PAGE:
271967 Structure and Chemistry Dependence of Pollen Adhesion to Surfaces

Monday, October 29, 2012
Hall B (Convention Center )
Ismael J. Gomez1, Haisheng Lin1 and J. Carson Meredith2, (1)Chemical and Biomolecular Engineering, Georgia Institute of Technology, Atlanta, GA, (2)School of Chemical and Biomolecular Engineering, Georgia Institute of Technology, Atlanta, GA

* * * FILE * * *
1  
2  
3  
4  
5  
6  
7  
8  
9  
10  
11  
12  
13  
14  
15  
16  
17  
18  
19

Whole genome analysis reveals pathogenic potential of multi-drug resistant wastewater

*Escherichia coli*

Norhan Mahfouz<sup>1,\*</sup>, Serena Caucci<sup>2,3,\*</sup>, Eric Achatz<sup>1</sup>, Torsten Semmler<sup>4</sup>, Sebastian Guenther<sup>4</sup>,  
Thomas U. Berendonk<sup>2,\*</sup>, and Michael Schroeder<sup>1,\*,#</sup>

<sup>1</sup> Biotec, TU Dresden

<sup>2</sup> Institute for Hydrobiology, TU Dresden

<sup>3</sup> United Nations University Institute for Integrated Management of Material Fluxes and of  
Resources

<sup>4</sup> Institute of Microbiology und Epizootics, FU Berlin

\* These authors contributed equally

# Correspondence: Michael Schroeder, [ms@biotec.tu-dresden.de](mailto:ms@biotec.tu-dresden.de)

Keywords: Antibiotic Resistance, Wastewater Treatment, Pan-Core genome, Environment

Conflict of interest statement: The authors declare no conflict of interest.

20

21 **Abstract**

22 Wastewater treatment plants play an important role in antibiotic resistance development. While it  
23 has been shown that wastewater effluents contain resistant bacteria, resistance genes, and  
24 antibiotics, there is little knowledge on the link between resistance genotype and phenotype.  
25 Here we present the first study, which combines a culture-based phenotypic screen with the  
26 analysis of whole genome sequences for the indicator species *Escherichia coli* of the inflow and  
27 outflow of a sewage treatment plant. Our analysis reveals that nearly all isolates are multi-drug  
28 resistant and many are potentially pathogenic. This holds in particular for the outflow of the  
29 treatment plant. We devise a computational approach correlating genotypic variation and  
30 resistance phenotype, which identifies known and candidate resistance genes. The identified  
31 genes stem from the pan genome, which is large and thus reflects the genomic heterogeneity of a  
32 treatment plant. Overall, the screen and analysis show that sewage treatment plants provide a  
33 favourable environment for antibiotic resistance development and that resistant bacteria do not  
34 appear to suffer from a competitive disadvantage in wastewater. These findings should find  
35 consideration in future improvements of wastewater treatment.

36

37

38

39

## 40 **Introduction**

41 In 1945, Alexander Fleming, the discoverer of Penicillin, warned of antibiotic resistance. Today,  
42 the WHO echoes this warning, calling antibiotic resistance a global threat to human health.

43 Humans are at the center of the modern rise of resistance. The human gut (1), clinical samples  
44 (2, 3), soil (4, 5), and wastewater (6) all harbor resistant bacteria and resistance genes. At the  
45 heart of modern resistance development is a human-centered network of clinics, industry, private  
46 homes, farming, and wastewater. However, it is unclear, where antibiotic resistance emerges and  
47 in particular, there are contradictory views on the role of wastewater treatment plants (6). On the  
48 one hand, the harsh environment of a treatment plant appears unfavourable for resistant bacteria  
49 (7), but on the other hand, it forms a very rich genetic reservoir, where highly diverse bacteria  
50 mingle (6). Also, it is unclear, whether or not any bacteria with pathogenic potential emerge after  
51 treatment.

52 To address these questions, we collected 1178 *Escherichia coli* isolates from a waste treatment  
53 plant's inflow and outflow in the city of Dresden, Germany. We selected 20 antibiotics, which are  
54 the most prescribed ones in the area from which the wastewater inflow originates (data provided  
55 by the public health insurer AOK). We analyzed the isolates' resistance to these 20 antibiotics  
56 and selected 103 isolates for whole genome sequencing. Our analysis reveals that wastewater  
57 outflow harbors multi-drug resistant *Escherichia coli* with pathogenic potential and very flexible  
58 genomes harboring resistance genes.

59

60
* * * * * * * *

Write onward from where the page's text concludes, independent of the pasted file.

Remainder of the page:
Nature provides remarkable examples of evolutionary-optimized microscale particles with structures and/or chemistries tailored for effective adhesion to a variety of surfaces. Pollen displays a remarkable range of ornamentations consisting of combinations of spines and grooves composed of sporopollenin, a crosslinked organic material rich in fatty acids. In addition, some species of pollen have a viscous coating known as pollenkitt, which appears to be related to dispersion mechanisms, e.g., insect versus wind-pollenation. It is not clear, however, how the structural features and pollenkitt contribute quantitatively to pollen adhesion to surfaces in air. This question has significance not only in plant biology, but also in epidemiology of asthma and allergies, and utilization of pollen as biotemplates for advanced materials. We report here the measurement of the effect of pollenkitt and geometry on adhesion of pollen from 5 plant species on 5 model surfaces. For pollen grains with intact pollenkitt, the adhesion forces varied with the hydrophilicity of the counter surface, and both capillary and van der Waals forces contributed to adhesion. In contrast, the interaction of pollen grains without pollenkitt was independent of counter surface type and was due primarily to van der Waals forces. Pollens exhibiting a nano-sized reticulate (grooved) structure (olive, poplar) had lower adhesion than those with echinate (spiked) structures (ragweed, dandelion, sunflower). In addition, increasing spike size and aspect ratio led to an increase in adhesion (from low to high: ragweed, dandelion, sunflower), which could be explained by increased contact area of the larger spikes.

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